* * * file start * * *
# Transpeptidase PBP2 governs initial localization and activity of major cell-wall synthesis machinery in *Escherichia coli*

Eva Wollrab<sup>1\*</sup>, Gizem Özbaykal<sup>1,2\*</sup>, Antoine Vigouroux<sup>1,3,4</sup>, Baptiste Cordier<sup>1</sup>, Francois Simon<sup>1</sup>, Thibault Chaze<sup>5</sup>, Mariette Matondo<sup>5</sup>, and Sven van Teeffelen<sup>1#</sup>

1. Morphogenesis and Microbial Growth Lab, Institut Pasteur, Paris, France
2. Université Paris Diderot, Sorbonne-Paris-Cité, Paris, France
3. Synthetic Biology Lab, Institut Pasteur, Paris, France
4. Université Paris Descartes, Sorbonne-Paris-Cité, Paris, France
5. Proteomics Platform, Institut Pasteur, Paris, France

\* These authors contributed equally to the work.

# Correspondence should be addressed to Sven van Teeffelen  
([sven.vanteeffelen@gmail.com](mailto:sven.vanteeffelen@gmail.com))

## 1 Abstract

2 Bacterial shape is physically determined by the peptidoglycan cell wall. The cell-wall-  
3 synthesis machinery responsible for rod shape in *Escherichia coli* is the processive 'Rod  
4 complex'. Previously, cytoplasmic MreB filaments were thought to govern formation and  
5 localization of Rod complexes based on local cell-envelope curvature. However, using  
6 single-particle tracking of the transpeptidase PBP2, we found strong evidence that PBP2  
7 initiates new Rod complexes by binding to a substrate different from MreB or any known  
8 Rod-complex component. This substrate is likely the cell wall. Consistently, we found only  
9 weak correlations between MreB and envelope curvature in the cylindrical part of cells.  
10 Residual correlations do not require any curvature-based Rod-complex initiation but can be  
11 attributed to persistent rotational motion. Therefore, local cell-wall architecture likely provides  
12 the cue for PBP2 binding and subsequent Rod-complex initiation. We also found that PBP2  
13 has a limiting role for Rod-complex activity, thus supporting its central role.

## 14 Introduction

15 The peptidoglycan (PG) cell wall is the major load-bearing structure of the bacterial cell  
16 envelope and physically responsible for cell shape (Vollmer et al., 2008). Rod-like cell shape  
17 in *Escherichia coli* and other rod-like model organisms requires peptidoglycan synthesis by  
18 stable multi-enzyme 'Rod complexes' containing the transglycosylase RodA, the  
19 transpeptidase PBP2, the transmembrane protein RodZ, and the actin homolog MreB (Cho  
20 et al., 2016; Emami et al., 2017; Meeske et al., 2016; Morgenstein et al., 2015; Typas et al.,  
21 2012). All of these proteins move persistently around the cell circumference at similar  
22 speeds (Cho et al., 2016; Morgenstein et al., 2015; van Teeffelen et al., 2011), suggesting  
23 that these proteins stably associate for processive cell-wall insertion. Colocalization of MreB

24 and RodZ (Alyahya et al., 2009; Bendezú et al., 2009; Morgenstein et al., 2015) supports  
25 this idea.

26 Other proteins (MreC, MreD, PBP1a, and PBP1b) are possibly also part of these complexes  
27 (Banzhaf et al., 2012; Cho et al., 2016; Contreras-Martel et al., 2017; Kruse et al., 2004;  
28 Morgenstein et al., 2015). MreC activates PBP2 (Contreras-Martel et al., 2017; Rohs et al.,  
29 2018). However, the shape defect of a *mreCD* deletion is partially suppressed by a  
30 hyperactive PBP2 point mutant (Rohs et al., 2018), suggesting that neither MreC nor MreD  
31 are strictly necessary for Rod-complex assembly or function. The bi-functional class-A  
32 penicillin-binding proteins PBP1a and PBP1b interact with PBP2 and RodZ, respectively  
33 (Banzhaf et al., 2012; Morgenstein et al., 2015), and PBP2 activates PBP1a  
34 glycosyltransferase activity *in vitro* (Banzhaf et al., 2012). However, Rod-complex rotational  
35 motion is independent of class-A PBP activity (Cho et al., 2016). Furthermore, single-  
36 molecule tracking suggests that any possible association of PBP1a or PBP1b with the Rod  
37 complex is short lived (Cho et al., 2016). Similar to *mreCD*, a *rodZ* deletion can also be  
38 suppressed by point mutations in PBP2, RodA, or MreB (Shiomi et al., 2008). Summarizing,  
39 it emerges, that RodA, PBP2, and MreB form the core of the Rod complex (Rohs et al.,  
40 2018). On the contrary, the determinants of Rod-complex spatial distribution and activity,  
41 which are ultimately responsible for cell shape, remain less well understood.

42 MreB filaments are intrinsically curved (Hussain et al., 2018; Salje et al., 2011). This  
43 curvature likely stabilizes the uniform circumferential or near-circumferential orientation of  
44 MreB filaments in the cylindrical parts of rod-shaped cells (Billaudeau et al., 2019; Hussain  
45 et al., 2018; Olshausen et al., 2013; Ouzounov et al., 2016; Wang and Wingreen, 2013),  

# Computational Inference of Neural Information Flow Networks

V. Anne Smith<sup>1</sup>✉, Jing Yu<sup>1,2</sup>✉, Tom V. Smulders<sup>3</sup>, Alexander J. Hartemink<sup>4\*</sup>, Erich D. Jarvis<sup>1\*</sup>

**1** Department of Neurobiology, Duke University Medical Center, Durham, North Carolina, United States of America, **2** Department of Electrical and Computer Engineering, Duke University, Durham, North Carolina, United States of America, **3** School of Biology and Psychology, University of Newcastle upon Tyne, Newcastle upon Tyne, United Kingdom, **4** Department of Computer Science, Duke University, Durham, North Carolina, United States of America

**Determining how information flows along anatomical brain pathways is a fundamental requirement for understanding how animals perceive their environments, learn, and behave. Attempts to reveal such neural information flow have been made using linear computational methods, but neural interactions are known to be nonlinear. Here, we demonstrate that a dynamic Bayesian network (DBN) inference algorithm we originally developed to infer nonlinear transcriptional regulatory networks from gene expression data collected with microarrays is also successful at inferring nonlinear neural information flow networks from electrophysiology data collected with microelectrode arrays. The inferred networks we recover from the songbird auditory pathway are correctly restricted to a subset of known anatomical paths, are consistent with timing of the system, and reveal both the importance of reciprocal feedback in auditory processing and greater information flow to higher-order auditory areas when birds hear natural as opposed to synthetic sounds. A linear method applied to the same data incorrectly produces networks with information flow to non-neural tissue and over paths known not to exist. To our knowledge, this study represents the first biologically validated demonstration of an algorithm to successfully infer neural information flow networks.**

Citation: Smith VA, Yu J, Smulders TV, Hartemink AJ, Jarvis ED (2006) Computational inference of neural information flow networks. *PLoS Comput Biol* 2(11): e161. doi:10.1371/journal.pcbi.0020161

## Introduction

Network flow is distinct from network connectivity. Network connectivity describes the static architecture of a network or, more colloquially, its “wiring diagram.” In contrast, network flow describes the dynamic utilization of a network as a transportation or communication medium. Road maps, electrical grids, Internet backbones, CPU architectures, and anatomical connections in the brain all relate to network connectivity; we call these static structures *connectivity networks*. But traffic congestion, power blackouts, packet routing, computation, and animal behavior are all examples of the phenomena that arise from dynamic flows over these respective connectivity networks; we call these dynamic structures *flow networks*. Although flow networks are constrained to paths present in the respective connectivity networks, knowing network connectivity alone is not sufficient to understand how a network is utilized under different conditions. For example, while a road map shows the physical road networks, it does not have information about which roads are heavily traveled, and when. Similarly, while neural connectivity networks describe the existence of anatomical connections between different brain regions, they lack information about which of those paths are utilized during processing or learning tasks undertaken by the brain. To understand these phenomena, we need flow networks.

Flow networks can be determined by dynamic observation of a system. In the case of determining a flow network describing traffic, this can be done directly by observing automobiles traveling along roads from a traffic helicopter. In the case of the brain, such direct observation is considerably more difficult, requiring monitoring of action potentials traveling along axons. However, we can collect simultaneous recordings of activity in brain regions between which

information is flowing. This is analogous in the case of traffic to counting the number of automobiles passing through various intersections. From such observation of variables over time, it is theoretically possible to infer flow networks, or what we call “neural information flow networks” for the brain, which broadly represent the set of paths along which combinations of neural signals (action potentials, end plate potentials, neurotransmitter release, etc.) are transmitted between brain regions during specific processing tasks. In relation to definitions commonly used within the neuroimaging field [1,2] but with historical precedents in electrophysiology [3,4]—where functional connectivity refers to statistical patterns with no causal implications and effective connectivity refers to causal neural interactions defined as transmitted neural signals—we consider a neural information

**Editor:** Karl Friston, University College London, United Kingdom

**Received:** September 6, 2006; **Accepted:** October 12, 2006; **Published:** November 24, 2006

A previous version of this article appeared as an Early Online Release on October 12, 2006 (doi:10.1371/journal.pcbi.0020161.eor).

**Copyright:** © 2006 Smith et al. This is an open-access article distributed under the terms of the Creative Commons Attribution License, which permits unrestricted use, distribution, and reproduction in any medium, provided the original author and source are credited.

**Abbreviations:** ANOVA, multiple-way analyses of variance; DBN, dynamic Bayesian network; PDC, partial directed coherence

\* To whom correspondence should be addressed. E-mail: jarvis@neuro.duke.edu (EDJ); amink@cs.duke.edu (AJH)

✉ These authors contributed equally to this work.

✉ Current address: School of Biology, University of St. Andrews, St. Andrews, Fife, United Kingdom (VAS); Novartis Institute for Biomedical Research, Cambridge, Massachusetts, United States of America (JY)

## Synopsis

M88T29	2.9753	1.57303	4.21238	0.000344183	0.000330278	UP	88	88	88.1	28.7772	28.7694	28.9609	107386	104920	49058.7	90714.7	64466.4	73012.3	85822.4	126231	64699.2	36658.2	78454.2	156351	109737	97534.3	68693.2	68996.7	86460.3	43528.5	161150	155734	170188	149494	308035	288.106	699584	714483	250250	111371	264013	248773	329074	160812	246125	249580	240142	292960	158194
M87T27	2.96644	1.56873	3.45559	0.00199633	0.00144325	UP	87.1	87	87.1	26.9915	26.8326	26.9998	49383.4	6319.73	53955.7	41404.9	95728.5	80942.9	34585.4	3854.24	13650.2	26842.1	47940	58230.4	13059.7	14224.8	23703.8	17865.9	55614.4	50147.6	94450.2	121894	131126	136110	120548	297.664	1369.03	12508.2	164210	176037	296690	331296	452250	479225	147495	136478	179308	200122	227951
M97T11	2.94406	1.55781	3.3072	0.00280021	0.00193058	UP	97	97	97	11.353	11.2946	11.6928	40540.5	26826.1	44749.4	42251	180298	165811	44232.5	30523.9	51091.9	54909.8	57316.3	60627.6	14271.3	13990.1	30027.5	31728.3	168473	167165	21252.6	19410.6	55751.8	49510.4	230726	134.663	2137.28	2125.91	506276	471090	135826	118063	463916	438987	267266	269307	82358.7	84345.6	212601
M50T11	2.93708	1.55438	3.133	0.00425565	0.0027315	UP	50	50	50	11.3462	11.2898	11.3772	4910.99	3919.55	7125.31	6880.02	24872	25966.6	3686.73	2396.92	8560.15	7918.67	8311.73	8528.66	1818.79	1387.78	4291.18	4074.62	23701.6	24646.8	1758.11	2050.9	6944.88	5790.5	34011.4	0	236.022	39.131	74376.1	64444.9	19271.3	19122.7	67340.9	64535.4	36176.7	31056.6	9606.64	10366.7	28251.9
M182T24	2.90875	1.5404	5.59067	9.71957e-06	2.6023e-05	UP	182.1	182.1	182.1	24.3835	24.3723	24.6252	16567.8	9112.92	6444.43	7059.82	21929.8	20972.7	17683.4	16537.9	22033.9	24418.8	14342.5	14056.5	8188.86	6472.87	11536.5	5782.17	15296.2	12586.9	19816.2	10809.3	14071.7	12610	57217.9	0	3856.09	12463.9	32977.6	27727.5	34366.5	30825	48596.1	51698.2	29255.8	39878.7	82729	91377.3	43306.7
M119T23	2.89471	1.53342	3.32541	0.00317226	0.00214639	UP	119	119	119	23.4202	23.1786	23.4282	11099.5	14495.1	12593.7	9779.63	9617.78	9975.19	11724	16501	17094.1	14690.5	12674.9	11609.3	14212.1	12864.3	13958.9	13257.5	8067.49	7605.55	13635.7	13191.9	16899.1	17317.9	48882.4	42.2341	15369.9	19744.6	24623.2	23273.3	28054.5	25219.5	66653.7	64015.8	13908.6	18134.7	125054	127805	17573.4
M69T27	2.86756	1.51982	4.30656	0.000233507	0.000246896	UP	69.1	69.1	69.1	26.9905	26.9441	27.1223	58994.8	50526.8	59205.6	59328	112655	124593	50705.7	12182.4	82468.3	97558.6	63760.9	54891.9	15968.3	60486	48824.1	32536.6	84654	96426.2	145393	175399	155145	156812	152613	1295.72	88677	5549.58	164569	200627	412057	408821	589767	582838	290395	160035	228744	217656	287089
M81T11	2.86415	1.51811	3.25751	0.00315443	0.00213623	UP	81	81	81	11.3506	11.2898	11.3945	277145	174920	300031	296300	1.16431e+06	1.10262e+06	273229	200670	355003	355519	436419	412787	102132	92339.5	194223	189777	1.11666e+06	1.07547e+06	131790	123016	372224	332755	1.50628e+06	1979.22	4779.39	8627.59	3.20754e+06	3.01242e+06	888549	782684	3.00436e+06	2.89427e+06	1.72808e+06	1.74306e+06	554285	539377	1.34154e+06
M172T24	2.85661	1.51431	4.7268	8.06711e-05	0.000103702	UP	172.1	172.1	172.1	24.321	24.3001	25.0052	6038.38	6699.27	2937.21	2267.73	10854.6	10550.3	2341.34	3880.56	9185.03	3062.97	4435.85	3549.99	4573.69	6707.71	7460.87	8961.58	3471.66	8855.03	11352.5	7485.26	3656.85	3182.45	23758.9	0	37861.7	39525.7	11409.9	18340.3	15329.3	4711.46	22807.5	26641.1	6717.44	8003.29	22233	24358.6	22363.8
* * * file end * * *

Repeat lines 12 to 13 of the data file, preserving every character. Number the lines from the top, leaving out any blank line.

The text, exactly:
2 Bacterial shape is physically determined by the peptidoglycan cell wall. The cell-wall-  
3 synthesis machinery responsible for rod shape in *Escherichia coli* is the processive 'Rod  